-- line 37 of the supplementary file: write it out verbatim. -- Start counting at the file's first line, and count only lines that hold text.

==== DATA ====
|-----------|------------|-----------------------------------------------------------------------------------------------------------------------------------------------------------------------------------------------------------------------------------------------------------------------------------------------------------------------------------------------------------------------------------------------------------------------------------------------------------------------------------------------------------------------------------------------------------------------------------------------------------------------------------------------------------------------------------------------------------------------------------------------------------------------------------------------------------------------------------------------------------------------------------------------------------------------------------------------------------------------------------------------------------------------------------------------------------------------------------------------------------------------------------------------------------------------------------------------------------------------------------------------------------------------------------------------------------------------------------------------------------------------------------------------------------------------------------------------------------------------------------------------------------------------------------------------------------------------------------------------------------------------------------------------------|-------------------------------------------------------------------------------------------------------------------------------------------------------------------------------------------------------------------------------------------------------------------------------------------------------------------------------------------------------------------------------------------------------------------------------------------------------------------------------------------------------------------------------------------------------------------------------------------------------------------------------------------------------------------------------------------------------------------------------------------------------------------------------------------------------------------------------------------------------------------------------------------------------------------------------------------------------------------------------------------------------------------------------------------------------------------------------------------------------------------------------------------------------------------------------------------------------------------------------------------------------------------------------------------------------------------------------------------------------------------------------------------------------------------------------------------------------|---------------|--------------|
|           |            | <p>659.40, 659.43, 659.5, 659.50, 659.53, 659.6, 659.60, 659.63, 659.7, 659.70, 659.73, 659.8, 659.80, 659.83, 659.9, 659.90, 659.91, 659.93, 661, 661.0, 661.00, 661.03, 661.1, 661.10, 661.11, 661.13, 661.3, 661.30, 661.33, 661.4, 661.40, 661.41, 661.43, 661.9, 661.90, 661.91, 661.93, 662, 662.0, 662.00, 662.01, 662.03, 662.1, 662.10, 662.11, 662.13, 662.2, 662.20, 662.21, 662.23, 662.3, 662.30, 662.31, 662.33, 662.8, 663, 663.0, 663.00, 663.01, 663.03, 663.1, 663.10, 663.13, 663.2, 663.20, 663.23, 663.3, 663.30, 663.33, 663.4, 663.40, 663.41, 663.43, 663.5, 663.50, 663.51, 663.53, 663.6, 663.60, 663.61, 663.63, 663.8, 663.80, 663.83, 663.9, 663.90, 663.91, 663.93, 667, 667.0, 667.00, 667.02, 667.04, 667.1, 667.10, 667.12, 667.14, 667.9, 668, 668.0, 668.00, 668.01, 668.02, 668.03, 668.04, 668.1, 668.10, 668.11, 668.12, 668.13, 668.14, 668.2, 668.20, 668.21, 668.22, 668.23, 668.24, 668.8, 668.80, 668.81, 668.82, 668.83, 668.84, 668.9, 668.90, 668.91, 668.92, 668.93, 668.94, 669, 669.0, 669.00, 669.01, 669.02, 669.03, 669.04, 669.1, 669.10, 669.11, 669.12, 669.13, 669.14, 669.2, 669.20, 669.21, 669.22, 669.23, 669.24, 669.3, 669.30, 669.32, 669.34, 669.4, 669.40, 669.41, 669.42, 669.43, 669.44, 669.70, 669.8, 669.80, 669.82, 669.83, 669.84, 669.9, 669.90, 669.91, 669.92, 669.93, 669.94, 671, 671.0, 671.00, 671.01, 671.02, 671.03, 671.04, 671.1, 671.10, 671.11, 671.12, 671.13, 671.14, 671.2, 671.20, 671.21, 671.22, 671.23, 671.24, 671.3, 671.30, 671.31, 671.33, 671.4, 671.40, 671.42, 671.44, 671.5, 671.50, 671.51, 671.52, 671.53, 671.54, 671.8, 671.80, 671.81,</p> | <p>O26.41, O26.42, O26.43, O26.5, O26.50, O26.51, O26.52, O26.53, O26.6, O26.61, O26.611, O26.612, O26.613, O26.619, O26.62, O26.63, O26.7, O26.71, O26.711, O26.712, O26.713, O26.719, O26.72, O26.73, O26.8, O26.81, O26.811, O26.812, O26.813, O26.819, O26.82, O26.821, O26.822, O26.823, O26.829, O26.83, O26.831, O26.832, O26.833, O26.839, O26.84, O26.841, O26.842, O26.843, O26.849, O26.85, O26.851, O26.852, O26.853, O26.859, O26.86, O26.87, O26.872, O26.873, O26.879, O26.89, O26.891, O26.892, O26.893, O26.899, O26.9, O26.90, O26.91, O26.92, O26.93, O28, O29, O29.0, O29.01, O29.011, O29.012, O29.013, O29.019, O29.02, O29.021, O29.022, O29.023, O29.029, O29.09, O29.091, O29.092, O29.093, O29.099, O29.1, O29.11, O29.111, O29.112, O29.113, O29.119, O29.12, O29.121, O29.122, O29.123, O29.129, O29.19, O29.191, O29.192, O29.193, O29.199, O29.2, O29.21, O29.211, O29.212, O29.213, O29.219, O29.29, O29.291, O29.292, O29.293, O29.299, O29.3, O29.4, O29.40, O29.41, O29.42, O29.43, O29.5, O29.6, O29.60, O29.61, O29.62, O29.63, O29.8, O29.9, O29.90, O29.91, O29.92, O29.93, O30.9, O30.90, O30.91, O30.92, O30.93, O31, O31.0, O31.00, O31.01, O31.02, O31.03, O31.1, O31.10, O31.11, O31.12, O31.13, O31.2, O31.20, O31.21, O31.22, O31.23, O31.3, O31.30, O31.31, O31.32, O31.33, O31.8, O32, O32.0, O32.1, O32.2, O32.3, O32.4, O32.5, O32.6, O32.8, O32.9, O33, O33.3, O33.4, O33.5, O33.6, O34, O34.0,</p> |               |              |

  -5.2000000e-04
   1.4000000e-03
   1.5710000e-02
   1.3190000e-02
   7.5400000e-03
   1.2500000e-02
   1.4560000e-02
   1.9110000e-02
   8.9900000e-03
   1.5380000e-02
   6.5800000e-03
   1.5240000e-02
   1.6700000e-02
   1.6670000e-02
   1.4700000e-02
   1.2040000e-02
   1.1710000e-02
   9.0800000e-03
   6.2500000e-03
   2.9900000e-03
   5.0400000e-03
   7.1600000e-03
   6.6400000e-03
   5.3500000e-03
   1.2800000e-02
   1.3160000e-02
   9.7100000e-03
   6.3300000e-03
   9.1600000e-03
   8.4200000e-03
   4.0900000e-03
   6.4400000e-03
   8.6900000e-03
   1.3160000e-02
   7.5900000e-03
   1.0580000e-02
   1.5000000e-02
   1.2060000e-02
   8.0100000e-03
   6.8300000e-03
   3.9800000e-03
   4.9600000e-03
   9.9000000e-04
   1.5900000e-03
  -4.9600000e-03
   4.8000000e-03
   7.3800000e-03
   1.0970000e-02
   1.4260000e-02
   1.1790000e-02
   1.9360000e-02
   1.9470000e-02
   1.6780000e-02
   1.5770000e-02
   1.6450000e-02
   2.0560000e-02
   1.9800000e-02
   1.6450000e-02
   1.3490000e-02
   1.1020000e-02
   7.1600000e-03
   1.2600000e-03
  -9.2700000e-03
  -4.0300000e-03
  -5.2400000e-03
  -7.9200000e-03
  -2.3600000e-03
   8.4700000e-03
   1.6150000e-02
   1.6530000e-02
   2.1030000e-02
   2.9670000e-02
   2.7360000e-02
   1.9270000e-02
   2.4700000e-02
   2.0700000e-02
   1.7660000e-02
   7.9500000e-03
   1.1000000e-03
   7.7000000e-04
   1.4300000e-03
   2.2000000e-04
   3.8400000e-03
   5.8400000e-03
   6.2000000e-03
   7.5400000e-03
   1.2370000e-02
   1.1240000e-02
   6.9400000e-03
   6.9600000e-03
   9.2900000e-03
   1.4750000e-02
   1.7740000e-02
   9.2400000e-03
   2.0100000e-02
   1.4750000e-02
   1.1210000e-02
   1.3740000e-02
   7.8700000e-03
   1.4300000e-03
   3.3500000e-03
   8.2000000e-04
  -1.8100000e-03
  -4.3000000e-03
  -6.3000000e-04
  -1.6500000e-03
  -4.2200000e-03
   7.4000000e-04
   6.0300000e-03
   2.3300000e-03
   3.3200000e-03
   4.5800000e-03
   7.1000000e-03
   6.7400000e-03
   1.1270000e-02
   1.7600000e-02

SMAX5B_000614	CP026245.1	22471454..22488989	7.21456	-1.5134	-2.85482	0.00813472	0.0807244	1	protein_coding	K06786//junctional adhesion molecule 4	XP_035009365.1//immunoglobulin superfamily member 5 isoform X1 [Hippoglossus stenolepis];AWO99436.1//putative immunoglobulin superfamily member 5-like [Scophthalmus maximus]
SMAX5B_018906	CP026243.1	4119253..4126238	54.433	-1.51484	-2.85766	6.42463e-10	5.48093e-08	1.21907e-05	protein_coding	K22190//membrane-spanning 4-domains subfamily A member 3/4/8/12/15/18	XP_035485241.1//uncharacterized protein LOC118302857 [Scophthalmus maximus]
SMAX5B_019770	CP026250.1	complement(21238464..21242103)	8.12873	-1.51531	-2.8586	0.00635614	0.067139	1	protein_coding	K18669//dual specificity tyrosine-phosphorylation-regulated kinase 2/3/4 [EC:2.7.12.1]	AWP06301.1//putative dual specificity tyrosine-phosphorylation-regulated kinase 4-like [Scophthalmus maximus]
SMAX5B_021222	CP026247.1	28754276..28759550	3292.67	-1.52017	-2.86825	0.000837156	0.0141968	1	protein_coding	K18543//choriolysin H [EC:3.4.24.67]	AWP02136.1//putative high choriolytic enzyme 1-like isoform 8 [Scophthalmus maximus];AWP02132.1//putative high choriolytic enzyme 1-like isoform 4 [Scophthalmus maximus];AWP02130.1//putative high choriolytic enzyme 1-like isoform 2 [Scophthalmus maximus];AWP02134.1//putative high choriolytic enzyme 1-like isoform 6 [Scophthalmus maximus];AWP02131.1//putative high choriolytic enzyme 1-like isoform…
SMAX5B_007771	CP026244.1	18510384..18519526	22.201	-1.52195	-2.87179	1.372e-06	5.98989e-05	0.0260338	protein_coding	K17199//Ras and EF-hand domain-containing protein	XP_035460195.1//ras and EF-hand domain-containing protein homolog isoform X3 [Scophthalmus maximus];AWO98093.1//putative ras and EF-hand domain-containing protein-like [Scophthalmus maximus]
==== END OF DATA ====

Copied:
   7.5900000e-03